Defendants contend that the United States Government has itself discriminated against minority groups in *727 its employment practices and, consequently, should not be allowed to maintain this equitable action because of its "unclean hands." While the United States may be subject to the general principles of equity, including the "unclean hands" doctrine, Daniell v. Sherrill, 48 So. 2d 736 (Fla.1950), these principles cannot be applied to "frustrate the purpose of its laws or to thwart public policy." Pan American Petroleum and Transport Co. v. United States, 273 U.S. 456, 506, 47 S. Ct. 416, 424, 71 L. Ed. 734 (1927); Deseret Apartments v. United States, 250 F.2d 457, 458 (10th Cir. 1957). In United States v. Philadelphia Electric Co., 351 F. Supp. 1394, 1398 (E. D.Pa.1972), a Title VII action, the district court denied an identical motion to dismiss grounded upon the "unclean hands" doctrine, stating:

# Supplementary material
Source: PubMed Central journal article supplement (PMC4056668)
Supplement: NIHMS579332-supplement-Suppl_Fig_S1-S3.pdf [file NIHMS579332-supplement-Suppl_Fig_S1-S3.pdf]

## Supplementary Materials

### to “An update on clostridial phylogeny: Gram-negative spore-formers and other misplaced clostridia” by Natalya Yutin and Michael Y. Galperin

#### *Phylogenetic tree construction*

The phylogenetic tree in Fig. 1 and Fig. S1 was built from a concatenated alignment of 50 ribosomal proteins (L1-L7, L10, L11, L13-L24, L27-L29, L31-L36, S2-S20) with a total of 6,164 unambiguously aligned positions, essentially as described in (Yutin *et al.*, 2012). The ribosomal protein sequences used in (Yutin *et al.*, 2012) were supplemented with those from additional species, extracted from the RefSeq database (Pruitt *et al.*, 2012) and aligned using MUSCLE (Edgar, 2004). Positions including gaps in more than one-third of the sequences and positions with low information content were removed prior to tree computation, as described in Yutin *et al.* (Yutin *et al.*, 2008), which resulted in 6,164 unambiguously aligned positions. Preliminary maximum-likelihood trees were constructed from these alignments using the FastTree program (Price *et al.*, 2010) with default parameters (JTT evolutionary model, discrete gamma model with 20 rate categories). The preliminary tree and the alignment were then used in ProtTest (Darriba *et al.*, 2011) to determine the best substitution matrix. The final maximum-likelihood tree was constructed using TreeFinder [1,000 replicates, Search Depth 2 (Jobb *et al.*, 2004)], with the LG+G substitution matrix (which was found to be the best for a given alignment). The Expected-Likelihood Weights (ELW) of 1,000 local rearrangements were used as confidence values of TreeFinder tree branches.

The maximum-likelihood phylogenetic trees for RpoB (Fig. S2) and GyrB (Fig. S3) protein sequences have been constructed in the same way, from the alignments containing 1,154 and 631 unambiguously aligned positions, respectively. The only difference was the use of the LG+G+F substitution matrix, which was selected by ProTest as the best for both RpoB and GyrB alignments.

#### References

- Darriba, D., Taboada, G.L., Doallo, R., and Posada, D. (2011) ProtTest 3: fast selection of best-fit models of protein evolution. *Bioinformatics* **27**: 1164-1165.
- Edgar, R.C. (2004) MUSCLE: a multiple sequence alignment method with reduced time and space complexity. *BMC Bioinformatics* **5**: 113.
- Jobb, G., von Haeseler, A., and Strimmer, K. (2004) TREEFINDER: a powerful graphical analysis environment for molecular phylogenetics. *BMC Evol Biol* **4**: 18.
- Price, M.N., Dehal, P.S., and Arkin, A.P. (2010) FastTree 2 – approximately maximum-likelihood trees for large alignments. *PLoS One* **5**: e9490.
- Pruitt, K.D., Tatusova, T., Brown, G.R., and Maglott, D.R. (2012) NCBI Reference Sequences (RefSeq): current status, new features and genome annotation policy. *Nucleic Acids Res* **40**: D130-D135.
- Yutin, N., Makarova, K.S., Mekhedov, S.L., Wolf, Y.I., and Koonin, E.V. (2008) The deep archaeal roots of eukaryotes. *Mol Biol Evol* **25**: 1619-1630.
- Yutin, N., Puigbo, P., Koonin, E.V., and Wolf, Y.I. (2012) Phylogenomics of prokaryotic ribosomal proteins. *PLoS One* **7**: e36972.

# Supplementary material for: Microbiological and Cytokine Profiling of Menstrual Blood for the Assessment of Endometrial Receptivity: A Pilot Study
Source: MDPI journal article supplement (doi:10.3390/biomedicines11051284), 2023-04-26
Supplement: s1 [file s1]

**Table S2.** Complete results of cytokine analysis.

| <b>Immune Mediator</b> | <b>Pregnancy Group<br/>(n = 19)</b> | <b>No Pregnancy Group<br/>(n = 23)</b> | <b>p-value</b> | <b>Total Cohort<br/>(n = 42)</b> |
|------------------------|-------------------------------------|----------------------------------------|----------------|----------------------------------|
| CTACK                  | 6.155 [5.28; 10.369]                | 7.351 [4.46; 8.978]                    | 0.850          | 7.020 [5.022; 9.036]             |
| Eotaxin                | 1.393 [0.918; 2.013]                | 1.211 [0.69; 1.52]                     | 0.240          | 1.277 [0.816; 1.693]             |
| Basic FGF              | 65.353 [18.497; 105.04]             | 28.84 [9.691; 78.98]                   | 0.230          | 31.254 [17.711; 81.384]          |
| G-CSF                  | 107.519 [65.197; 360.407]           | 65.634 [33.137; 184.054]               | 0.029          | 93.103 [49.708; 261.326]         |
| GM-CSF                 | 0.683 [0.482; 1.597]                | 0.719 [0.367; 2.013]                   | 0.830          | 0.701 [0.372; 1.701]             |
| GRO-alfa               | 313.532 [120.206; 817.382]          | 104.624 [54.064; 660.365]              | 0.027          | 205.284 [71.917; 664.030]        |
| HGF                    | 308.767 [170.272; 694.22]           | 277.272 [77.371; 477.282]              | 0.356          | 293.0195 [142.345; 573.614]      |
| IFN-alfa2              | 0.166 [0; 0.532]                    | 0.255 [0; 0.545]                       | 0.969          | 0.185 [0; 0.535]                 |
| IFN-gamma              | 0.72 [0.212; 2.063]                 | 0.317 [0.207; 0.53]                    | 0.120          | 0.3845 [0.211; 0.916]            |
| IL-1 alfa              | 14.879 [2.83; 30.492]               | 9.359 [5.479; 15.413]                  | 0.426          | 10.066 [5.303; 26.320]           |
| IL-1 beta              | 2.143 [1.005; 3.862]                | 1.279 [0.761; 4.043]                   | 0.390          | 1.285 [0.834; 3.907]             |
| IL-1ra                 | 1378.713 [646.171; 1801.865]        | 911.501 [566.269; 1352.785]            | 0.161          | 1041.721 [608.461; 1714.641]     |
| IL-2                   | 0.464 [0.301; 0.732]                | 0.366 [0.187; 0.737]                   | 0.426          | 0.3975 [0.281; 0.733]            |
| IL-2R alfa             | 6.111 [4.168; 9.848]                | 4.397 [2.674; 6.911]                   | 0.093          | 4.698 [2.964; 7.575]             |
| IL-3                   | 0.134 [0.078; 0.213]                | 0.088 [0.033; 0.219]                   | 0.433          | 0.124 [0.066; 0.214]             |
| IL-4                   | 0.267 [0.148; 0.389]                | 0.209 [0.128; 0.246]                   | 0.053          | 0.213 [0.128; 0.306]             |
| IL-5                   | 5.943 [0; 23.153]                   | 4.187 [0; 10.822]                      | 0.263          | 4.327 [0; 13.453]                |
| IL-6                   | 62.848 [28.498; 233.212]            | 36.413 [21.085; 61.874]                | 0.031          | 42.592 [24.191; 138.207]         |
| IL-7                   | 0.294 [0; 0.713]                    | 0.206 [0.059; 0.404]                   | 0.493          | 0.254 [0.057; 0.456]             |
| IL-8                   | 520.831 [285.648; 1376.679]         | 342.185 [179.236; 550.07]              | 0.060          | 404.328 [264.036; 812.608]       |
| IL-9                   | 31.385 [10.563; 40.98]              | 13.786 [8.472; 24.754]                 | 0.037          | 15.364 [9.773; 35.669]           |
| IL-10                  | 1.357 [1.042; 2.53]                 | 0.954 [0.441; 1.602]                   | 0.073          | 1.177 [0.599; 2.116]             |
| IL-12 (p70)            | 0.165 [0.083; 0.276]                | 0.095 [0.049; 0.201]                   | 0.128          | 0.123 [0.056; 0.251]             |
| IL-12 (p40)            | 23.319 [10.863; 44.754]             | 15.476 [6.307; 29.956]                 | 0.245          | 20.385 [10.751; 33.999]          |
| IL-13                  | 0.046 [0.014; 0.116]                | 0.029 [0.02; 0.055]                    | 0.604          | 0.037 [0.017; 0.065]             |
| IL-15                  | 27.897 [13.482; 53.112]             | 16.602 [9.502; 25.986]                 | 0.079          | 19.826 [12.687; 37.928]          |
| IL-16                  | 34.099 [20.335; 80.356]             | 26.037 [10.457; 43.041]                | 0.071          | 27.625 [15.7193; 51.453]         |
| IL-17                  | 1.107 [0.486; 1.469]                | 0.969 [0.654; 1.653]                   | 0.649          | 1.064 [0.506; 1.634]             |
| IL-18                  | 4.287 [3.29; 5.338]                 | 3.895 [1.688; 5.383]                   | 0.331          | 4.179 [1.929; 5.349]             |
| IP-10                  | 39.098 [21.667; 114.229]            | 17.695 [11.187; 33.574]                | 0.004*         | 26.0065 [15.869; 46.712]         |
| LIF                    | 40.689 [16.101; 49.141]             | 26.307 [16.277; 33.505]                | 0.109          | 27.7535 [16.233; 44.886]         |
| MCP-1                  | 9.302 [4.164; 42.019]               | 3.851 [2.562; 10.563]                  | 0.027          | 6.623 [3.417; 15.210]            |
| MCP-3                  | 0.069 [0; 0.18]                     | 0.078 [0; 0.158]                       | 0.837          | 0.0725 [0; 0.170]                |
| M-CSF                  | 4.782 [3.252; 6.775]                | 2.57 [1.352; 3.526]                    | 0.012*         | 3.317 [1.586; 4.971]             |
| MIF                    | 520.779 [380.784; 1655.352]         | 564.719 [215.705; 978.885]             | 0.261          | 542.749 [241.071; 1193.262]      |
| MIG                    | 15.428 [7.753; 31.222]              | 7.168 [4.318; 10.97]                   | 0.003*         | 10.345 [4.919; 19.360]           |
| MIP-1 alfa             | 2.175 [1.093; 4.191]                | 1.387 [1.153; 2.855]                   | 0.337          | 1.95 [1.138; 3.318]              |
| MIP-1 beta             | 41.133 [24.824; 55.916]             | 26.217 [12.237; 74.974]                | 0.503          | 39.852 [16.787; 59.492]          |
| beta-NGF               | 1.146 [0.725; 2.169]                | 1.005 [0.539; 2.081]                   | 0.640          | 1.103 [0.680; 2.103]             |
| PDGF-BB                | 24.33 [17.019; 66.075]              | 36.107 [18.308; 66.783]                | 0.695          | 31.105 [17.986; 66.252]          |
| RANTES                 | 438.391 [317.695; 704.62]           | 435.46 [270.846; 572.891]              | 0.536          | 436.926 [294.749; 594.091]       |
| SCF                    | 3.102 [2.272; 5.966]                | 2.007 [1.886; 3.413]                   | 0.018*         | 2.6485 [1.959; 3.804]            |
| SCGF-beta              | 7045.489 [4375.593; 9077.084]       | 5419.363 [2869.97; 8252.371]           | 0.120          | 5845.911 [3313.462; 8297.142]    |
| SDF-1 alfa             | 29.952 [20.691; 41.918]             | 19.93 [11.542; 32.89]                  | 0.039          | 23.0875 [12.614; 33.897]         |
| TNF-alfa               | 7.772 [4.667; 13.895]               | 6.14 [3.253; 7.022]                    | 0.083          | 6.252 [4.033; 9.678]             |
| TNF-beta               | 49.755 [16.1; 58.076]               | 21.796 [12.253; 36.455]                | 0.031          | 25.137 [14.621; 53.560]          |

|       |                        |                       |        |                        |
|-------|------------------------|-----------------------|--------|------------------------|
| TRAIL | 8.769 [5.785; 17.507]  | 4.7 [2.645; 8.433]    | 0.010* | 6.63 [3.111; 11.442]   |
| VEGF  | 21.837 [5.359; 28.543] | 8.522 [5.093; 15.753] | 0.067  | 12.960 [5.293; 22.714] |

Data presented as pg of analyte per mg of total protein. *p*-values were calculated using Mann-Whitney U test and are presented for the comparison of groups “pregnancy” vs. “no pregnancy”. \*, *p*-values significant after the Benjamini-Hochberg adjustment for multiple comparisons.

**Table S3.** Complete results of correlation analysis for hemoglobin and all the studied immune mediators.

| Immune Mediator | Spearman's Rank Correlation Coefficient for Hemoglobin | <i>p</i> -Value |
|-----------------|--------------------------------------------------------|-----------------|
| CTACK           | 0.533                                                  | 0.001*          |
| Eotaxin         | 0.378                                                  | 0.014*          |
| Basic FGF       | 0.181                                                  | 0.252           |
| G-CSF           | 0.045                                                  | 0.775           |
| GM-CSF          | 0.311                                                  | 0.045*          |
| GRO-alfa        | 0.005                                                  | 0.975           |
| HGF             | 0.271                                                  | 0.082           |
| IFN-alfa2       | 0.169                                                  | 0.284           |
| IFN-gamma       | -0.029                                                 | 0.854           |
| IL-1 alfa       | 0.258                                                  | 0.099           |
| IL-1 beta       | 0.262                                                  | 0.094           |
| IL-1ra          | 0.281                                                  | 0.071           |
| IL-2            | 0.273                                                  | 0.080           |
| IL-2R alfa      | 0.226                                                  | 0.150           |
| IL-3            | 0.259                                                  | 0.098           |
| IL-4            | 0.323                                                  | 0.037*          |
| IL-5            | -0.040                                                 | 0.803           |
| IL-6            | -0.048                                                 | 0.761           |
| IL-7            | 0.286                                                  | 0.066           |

"The Government, when applying for relief in a Court of equity is as much bound to do equity as a private litigant. Hardy v. Savannah Apartments, Inc., 217 F. Supp. 649, 661 (S.D. Ga.1963); Daniell v. Sherrill, 48 So. 2d 736, 737 (Fla.). However, the principles of equity will not be applied in a suit by the United States to frustrate the purpose of its laws or to thwart public policy. Pan-American Petroleum and Transport Company v. United States, 273 U.S. 456, 47 S. Ct. 416, 71 L. Ed. 734 (1927); Eichleay Corp. v. National Labor Relations Board, 206 F.2d 799, 806 (3rd Cir. 1953). Even if the instances suggested by the Company of employment discrimination by departments of the United States are possible, or even likely occurrences, a recognition of that by this Court could rise to a level that may justify criticism or official concern but certainly not to a level that could be the basis of a bar for the enforcement of the applicable laws enacted by Congress to alleviate employment discrimination.